['Place', 'details']
    );
};
objection-jsonb-example=# \d "Hero"
            Table "public.Hero"
 Column  |          Type           
---------+------------------------
 id      | integer                
 name    | character varying(255) 
 details | jsonb                  
 homeId  | integer                
Indexes:
    "Hero_pkey" PRIMARY KEY, btree (id)
    "Hero_details_idx" gin (details)
    "Hero_expr_idx" btree ((details #>> '{type}'::text[]))
objection-jsonb-example=# \d "Place"
           Table "public.Place"
 Column  |          Type          
---------+------------------------
 id      | integer                
 name    | character varying(255) 
 details | jsonb                  
Indexes:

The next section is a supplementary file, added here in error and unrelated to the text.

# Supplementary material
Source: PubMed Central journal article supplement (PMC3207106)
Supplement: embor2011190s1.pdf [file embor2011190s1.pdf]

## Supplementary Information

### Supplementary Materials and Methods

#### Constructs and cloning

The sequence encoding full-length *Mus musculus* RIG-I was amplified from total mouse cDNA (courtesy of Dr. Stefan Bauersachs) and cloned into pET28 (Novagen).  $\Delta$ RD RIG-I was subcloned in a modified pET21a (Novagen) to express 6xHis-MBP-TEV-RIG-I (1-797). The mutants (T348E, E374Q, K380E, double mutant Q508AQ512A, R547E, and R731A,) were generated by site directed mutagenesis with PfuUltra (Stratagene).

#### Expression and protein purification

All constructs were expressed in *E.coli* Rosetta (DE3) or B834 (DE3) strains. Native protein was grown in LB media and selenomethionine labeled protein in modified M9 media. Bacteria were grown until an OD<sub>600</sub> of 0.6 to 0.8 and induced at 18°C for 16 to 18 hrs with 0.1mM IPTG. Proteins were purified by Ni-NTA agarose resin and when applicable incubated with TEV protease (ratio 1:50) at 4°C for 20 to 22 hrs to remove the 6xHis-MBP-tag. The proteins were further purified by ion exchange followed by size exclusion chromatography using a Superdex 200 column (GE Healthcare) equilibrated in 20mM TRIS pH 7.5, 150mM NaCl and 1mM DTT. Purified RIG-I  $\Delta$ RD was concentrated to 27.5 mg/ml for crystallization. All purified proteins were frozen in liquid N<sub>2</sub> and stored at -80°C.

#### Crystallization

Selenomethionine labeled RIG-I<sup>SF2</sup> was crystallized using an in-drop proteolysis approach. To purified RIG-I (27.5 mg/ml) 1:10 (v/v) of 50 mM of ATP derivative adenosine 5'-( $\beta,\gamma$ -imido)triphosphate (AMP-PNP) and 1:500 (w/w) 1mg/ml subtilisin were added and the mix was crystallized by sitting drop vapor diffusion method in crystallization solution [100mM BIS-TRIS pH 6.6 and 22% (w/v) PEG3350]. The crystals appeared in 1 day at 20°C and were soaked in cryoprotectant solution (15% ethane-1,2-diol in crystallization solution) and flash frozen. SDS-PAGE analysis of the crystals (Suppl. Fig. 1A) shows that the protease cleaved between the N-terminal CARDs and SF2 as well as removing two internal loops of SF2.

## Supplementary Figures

"Place_pkey" PRIMARY KEY, btree (id)
    "Place_details_idx" gin (details jsonb_path_ops)

Expression index is used for example for

explain select * from "Hero" where details#>>'{type}' = 'Hero';

                           QUERY PLAN                                   
----------------------------------------------------------------
 Index Scan using "Hero_expr_idx" on "Hero"  
   Index Cond: ((details #>> '{type}'::text[]) = 'Hero'::text)

Last Words

SQL + JSON is here and now there is also a proper Node.js ORM which supports it. If you feel like going schemaless with your SQL DB nothing can stop you now! If you like to put some additional document based data to your rows and query it, just do it!

If you are new to objection.js an easy way to get going is to git clone the repo, run an example project and start experimenting. There are examples for ES5,ES6 and ES7, which ever makes you comfortable.

Next steps with objection's JSON support is to figure out a convenient way to allow JSON field references in all of the QueryBuilder API methods.